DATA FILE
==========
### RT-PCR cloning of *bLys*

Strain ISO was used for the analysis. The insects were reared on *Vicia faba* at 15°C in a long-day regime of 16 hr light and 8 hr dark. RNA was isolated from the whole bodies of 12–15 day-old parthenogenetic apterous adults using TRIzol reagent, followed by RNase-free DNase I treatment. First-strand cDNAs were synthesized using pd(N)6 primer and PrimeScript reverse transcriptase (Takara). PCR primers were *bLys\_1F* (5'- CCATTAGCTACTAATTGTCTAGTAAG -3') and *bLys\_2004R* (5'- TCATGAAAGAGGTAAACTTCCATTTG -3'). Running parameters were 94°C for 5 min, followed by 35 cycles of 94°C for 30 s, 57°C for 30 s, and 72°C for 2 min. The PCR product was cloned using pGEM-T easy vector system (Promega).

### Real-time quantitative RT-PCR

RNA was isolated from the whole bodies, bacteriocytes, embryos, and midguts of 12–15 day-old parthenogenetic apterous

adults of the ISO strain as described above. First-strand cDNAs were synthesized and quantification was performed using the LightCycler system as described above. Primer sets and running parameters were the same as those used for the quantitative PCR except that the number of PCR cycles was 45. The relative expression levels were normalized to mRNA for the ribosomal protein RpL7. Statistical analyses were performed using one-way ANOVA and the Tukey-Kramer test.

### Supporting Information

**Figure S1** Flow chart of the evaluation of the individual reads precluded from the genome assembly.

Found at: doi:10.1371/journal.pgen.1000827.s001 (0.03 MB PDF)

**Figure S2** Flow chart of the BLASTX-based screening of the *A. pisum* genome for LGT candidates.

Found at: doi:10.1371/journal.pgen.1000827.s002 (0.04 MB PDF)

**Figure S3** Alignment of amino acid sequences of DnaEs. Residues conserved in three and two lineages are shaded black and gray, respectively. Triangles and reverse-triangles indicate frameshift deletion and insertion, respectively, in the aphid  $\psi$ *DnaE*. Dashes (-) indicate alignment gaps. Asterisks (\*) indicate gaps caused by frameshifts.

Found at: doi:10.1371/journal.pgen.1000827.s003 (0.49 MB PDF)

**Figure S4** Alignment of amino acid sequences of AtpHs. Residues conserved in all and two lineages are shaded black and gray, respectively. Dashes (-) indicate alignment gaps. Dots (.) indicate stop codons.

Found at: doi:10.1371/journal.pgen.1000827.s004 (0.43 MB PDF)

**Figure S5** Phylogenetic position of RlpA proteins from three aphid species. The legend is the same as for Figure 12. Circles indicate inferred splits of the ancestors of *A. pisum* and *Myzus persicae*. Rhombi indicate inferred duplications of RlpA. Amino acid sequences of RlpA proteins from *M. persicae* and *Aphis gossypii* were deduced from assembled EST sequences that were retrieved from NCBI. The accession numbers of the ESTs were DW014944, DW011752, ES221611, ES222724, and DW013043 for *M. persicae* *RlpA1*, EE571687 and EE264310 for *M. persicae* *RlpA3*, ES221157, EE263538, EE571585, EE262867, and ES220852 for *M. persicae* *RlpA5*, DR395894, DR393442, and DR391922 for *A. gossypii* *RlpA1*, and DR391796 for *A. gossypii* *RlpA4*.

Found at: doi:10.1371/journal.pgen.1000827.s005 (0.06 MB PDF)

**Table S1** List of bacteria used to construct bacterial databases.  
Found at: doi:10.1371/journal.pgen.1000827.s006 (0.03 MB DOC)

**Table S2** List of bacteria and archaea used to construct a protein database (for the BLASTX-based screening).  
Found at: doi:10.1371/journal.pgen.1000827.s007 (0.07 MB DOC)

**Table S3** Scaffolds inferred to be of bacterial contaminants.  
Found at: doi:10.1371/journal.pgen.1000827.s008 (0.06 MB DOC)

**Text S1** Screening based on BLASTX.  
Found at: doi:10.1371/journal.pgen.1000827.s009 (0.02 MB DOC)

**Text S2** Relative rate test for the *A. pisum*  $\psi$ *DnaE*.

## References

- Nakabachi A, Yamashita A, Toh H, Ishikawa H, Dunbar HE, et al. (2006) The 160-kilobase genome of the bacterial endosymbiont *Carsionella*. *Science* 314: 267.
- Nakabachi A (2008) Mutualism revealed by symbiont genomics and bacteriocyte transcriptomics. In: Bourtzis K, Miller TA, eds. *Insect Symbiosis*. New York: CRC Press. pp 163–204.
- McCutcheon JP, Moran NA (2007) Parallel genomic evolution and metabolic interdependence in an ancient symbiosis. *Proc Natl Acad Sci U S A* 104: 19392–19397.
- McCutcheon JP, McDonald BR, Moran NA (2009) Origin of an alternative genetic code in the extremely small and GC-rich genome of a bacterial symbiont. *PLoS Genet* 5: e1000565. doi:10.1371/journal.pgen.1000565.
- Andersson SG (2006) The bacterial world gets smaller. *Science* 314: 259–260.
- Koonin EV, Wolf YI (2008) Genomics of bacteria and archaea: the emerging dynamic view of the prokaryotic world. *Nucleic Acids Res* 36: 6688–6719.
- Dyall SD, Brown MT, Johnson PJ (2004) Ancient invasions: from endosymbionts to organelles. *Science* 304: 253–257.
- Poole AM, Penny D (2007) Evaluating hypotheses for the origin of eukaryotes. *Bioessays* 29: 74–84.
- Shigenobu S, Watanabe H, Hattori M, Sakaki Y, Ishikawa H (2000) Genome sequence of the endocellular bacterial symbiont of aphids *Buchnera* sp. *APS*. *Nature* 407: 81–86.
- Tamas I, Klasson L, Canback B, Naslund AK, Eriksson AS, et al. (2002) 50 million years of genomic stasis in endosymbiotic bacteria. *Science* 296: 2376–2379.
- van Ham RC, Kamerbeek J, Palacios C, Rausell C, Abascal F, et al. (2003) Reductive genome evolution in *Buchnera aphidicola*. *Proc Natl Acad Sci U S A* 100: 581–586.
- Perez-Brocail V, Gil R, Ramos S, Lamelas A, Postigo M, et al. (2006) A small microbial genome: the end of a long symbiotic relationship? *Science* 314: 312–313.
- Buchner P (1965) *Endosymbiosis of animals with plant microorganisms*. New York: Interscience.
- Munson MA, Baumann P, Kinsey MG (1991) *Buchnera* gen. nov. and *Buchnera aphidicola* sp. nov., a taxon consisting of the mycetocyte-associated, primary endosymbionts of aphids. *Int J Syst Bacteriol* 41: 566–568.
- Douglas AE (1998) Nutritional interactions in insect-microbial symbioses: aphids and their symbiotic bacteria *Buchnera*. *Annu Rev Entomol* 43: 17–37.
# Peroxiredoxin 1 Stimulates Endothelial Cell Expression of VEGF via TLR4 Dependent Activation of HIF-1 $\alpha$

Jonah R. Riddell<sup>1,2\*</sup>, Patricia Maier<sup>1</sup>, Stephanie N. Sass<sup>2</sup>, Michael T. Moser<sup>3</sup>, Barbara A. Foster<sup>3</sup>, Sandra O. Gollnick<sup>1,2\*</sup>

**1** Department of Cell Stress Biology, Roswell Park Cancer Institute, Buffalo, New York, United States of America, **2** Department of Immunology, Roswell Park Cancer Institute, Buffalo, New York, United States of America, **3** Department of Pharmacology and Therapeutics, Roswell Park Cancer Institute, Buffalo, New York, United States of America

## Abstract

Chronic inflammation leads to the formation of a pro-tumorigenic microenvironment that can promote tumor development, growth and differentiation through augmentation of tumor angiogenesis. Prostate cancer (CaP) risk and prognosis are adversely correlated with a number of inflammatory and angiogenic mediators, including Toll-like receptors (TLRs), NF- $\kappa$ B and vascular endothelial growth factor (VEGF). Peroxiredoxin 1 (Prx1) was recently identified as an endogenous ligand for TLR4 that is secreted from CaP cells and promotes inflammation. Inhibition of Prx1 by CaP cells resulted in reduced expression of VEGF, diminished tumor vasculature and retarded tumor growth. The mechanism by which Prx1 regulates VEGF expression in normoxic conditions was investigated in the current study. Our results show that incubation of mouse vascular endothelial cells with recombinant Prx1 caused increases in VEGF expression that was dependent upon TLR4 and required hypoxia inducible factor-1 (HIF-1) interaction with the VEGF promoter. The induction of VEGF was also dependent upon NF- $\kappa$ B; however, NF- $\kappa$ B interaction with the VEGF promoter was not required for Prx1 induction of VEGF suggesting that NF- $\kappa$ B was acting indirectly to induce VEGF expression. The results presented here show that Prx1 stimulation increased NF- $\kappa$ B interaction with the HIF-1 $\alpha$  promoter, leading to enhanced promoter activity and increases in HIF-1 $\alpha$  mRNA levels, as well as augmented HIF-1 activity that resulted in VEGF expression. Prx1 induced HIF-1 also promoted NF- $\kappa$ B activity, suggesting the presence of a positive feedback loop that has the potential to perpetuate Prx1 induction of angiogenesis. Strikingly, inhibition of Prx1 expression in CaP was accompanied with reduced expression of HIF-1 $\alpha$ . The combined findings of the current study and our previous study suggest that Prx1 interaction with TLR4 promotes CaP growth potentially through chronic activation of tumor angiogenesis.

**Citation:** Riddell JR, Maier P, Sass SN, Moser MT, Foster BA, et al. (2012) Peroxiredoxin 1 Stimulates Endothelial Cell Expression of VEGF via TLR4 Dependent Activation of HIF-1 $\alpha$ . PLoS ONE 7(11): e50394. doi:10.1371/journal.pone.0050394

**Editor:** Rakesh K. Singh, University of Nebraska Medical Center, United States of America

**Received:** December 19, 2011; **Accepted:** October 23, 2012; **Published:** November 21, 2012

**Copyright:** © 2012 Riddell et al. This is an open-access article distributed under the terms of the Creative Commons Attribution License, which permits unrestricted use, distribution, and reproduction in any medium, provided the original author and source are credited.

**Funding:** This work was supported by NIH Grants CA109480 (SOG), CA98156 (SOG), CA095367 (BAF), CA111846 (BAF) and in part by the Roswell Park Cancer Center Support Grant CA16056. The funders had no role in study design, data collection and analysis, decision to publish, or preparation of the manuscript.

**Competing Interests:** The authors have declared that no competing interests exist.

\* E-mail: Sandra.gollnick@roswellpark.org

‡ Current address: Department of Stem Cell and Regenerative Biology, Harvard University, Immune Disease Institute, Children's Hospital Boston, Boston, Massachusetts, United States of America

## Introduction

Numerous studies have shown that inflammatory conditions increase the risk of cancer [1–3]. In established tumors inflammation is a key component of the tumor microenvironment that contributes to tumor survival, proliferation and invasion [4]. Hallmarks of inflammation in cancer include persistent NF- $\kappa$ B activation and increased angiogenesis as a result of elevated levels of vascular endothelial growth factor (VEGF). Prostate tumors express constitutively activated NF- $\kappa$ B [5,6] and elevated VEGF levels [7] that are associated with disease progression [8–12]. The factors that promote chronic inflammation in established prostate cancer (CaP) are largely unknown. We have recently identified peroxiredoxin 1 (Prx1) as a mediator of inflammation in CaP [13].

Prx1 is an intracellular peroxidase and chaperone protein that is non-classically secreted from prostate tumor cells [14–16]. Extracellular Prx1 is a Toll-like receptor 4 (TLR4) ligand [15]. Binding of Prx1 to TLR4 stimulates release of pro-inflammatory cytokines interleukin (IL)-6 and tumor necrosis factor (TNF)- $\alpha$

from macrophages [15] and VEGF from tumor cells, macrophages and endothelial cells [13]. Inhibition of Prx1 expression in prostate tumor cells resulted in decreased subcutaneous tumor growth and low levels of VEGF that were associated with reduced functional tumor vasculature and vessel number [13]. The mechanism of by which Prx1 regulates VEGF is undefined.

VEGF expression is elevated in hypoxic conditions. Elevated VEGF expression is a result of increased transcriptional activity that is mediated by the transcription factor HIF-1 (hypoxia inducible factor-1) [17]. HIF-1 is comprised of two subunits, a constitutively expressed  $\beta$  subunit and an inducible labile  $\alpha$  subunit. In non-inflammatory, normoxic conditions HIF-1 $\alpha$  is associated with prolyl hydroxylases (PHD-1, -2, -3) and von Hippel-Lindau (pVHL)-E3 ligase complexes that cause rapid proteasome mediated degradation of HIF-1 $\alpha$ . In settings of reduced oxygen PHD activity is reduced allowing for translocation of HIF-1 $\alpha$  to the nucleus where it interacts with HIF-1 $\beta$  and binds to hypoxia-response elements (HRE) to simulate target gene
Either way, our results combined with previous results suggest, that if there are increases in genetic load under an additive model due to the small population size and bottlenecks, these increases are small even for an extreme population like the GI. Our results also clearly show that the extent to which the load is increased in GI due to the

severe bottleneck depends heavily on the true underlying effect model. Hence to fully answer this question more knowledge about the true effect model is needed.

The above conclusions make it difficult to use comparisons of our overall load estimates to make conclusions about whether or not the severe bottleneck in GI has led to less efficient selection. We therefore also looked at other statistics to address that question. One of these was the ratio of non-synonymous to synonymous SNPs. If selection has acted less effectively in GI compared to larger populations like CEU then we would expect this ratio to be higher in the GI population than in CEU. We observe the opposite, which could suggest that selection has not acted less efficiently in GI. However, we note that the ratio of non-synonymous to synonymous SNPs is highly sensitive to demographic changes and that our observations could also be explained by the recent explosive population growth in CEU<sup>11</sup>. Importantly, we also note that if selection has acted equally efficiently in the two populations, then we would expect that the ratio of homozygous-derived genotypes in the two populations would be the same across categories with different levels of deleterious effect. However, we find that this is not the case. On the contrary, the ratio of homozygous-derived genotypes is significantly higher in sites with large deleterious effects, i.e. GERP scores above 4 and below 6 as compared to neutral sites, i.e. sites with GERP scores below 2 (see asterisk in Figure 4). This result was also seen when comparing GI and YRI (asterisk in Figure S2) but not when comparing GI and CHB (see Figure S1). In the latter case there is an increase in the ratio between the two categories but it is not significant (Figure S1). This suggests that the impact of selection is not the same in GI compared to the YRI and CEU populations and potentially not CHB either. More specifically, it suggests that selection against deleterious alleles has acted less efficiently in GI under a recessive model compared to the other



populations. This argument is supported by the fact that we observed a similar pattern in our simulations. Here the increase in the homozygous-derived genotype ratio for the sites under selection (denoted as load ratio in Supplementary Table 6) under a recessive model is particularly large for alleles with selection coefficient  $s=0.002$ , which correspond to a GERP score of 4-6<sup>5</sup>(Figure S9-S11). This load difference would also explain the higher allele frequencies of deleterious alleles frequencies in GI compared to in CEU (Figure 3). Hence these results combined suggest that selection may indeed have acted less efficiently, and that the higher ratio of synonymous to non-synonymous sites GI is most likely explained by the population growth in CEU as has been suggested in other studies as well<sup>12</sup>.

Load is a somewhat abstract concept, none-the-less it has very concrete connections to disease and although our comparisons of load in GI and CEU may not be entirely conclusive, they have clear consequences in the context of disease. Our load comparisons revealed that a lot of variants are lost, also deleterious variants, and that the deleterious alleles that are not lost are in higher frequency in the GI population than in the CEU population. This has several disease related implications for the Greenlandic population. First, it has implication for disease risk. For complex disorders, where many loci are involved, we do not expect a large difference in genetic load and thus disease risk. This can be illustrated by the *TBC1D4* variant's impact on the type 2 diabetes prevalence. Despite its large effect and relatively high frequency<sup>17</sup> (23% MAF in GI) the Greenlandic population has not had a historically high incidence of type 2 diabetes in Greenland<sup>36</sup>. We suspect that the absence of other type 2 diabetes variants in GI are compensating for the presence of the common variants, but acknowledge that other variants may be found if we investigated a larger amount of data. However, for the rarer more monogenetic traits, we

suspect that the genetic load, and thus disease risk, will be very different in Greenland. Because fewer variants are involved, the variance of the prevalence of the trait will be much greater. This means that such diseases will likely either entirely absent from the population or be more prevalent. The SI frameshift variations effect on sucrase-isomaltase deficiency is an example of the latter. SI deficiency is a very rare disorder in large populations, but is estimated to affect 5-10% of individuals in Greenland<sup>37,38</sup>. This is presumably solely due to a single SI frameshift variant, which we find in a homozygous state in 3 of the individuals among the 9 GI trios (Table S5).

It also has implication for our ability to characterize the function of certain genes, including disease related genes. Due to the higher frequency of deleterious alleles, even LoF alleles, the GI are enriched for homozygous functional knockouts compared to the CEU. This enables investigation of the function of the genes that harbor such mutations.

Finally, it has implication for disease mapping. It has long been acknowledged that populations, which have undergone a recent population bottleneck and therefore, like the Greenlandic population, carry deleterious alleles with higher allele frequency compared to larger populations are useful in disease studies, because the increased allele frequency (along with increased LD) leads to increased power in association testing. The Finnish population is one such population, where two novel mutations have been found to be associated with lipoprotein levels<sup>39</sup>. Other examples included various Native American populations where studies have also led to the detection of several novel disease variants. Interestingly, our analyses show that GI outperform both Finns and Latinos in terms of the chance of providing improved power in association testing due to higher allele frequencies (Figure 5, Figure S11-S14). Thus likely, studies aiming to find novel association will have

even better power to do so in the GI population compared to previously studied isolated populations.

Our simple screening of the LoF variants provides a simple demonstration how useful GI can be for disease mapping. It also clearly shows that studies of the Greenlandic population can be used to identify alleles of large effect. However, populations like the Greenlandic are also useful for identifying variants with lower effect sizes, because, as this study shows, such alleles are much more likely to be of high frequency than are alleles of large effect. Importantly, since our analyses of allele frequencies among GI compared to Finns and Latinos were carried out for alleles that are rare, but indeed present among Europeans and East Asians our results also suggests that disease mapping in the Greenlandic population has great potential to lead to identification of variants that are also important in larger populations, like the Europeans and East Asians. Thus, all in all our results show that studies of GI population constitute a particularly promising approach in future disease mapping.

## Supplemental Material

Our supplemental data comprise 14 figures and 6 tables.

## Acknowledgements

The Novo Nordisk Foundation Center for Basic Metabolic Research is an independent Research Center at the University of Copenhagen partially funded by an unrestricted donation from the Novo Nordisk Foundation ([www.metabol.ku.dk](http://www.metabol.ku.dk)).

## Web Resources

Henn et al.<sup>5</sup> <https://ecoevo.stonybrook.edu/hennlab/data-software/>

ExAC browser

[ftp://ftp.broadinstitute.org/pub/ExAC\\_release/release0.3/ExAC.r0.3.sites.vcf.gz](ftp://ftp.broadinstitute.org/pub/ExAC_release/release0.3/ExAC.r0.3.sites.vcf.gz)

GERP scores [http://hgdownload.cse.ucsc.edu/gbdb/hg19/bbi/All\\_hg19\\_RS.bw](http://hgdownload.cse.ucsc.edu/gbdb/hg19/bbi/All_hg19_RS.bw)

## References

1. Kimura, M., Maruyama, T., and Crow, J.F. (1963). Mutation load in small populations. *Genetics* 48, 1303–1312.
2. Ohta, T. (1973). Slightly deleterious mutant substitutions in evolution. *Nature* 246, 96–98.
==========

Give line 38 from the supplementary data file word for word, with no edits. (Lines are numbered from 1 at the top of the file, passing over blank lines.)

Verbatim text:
- Perez-Brocail V, Gil R, Ramos S, Lamelas A, Postigo M, et al. (2006) A small microbial genome: the end of a long symbiotic relationship? *Science* 314: 312–313.